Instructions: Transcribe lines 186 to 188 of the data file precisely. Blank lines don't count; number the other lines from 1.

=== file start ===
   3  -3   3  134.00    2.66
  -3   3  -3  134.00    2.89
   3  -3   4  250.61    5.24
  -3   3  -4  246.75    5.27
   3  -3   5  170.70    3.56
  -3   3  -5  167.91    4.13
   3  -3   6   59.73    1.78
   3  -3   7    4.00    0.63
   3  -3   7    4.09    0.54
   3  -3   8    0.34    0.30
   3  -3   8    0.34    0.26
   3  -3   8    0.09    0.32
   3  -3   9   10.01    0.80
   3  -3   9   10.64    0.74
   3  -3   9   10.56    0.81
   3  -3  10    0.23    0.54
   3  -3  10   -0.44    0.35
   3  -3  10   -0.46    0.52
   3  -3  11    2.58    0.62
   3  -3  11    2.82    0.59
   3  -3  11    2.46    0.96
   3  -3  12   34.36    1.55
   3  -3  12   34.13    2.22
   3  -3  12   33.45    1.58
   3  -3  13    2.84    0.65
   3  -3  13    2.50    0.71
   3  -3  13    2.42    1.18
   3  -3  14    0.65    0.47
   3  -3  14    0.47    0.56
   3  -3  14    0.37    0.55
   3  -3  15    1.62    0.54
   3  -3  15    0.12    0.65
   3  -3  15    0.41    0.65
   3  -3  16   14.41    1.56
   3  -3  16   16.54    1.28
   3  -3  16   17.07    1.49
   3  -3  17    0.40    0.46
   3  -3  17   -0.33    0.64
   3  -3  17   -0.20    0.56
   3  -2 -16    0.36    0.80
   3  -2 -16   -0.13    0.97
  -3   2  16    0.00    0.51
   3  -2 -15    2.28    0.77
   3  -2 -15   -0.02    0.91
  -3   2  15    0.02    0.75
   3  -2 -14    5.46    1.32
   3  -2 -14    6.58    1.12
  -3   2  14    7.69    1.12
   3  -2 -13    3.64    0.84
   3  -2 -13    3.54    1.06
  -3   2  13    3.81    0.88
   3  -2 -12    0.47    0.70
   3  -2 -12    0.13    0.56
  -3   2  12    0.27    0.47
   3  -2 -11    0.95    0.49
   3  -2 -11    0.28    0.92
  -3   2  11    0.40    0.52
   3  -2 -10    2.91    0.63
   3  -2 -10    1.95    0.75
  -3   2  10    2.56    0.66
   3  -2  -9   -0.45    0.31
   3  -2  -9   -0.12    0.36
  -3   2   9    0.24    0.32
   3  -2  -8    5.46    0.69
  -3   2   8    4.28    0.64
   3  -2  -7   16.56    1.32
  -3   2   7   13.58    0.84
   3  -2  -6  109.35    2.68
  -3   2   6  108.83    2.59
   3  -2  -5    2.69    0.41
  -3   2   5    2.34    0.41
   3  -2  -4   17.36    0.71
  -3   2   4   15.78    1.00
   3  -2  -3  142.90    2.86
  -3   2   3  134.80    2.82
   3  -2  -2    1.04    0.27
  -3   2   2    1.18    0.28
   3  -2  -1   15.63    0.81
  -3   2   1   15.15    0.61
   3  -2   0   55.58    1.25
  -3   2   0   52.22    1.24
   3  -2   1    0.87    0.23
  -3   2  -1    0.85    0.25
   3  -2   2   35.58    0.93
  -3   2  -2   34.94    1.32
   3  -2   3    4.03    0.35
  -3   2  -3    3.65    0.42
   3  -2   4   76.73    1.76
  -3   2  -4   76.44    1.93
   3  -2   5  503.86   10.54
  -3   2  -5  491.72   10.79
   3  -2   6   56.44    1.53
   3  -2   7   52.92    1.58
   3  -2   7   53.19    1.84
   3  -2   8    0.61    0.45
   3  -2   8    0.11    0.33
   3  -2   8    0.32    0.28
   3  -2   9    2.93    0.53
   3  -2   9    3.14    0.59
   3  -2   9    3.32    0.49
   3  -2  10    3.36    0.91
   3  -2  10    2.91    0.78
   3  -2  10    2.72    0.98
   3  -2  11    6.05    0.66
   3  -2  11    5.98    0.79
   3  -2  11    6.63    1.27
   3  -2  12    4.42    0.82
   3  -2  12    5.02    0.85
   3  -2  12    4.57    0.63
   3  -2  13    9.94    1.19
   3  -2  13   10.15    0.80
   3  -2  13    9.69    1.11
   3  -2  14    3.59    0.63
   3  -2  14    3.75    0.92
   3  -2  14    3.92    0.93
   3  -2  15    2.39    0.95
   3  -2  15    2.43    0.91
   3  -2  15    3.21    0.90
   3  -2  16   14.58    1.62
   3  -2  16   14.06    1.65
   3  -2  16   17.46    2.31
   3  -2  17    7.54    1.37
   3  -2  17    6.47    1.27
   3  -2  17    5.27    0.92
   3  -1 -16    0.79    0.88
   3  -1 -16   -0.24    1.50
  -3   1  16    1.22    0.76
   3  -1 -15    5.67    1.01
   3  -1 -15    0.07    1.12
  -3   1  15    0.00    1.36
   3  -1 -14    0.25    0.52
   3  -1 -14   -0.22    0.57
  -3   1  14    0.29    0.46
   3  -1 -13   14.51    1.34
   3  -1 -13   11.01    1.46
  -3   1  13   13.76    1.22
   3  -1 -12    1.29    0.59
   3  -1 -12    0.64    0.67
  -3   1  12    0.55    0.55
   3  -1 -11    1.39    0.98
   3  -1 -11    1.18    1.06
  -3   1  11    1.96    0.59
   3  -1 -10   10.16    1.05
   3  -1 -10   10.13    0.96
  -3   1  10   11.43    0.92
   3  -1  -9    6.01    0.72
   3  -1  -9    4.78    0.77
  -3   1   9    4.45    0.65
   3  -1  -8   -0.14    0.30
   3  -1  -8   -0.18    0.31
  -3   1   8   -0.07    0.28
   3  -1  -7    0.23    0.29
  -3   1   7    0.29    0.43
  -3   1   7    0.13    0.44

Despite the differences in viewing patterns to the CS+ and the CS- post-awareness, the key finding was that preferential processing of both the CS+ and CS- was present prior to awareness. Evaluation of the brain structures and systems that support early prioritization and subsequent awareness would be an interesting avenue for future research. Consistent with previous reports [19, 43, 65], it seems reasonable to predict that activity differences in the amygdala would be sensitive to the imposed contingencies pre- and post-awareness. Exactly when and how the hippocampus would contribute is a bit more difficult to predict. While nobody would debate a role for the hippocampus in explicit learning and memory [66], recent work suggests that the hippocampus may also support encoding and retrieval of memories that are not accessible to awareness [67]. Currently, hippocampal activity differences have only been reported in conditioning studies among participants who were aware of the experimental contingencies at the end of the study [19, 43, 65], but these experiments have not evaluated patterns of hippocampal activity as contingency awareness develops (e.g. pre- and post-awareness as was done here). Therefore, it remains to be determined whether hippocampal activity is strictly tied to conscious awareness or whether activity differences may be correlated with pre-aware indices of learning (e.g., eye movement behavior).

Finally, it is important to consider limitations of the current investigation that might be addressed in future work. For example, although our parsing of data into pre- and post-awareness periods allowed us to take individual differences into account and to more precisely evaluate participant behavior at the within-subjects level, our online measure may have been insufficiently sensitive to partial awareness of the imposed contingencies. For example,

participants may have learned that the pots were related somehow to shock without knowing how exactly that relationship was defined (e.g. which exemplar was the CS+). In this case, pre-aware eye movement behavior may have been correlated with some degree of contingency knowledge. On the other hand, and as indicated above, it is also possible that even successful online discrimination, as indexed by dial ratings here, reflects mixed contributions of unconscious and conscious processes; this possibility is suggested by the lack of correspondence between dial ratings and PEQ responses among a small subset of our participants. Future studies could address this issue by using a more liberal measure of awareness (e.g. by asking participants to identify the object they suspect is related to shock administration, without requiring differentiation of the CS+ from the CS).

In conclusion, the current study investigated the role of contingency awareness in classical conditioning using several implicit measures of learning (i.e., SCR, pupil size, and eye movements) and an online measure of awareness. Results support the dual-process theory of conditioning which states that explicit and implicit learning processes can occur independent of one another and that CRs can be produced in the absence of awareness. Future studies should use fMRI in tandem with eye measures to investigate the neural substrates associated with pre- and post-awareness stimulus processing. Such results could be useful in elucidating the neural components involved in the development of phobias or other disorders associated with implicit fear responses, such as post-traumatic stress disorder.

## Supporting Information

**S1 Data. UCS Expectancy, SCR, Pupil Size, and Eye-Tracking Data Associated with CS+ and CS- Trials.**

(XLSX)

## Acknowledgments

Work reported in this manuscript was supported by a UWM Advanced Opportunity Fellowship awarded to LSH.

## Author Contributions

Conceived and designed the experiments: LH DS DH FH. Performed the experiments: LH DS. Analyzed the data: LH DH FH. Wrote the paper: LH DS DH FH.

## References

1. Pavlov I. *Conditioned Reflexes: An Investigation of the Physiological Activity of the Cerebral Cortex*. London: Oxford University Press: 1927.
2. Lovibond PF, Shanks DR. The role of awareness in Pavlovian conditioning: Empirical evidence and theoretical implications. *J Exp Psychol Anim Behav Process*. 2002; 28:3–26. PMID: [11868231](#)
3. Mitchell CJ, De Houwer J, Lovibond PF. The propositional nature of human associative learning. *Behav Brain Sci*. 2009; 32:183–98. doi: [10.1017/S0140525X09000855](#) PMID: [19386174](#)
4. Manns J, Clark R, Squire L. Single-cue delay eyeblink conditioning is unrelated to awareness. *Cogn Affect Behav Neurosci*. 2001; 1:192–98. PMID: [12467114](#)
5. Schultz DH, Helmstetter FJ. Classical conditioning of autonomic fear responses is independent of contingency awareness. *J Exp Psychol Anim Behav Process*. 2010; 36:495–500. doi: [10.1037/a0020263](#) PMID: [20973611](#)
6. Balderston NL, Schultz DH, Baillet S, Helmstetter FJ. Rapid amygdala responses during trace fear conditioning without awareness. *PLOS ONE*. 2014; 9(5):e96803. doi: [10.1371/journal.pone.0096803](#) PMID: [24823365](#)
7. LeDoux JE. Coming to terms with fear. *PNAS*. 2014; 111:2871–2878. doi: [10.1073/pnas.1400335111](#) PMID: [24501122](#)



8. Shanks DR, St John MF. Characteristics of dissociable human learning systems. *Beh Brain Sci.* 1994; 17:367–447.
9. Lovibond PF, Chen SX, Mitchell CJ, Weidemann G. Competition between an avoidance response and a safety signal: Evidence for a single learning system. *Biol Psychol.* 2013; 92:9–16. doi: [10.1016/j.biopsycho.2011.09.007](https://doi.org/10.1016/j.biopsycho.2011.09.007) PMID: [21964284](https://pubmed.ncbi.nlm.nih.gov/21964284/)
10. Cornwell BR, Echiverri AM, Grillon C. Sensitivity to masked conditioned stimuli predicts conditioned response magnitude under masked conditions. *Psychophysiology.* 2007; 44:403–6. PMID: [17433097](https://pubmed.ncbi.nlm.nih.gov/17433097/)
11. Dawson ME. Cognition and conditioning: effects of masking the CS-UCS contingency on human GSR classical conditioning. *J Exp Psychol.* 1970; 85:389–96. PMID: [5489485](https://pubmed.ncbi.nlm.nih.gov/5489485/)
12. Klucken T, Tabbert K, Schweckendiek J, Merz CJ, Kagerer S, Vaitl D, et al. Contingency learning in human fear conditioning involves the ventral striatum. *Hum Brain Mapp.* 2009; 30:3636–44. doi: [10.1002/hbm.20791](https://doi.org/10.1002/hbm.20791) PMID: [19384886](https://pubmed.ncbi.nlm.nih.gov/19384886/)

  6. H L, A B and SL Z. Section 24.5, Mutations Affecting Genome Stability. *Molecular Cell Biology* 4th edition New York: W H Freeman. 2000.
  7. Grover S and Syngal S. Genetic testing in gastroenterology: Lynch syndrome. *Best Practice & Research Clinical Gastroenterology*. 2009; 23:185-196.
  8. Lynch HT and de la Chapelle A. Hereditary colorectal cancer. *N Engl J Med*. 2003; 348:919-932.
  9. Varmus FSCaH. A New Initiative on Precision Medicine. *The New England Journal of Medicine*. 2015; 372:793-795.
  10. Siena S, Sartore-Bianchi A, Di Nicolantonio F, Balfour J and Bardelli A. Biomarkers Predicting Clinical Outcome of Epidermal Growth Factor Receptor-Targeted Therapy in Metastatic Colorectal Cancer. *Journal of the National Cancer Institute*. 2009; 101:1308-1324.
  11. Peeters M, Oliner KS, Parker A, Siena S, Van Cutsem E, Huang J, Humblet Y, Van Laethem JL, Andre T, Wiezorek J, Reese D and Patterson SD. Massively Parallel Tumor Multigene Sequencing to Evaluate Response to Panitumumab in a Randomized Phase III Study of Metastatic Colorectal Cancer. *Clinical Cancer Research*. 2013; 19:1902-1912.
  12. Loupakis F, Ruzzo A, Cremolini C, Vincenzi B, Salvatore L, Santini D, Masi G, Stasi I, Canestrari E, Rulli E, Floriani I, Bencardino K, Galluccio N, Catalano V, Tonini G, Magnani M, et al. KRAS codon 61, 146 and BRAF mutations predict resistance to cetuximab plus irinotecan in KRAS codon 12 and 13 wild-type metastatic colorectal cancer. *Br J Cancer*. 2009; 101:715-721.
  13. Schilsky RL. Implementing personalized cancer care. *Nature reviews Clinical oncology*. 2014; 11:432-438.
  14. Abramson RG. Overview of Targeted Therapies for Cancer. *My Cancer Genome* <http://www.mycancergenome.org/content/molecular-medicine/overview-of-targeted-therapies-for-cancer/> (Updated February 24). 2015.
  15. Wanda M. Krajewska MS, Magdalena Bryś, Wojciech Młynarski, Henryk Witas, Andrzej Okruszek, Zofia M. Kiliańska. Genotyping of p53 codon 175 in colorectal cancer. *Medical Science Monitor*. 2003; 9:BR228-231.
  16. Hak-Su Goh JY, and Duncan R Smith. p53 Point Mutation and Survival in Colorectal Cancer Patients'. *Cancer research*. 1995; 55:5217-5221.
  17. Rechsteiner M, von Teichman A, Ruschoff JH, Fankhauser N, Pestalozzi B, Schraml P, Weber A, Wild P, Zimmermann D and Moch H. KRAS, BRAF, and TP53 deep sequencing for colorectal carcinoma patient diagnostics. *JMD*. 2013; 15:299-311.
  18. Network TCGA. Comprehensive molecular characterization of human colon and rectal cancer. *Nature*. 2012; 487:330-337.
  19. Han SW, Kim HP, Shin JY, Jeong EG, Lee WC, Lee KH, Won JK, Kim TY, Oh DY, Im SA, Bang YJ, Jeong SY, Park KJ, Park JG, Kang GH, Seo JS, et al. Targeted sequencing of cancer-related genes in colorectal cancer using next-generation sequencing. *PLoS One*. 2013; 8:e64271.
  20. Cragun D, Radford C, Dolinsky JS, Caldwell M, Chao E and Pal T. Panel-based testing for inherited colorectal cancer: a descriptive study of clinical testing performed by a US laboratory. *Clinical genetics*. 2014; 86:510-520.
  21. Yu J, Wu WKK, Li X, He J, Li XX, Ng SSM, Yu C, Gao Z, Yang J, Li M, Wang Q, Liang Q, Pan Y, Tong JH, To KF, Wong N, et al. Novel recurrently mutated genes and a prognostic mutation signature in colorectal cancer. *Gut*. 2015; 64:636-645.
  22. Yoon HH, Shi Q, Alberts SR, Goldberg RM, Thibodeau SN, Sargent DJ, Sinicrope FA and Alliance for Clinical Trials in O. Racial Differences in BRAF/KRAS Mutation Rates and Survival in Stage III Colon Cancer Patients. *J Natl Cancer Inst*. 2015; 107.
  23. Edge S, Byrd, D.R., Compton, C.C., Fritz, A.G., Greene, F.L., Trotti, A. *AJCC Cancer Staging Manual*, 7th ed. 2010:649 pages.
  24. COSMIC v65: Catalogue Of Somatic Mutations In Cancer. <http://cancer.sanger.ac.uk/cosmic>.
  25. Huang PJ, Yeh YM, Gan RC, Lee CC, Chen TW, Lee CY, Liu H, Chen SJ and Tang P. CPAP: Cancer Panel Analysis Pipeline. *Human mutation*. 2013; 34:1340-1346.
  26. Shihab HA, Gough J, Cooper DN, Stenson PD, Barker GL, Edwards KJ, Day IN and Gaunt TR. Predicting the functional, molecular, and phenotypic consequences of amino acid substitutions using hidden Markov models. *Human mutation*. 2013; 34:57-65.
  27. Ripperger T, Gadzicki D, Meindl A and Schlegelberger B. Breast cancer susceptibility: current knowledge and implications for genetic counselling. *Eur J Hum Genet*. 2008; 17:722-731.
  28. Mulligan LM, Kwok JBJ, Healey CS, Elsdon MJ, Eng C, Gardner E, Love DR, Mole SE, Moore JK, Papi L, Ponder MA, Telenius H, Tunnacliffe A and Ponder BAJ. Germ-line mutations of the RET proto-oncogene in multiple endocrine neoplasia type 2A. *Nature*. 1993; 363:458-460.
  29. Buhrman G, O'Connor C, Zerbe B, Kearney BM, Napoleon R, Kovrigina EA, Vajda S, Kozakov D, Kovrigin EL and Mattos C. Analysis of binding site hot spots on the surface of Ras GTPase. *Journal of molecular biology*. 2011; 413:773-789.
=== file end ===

  13. Schilsky RL. Implementing personalized cancer care. *Nature reviews Clinical oncology*. 2014; 11:432-438.
  14. Abramson RG. Overview of Targeted Therapies for Cancer. *My Cancer Genome* <http://www.mycancergenome.org/content/molecular-medicine/overview-of-targeted-therapies-for-cancer/> (Updated February 24). 2015.
  15. Wanda M. Krajewska MS, Magdalena Bryś, Wojciech Młynarski, Henryk Witas, Andrzej Okruszek, Zofia M. Kiliańska. Genotyping of p53 codon 175 in colorectal cancer. *Medical Science Monitor*. 2003; 9:BR228-231.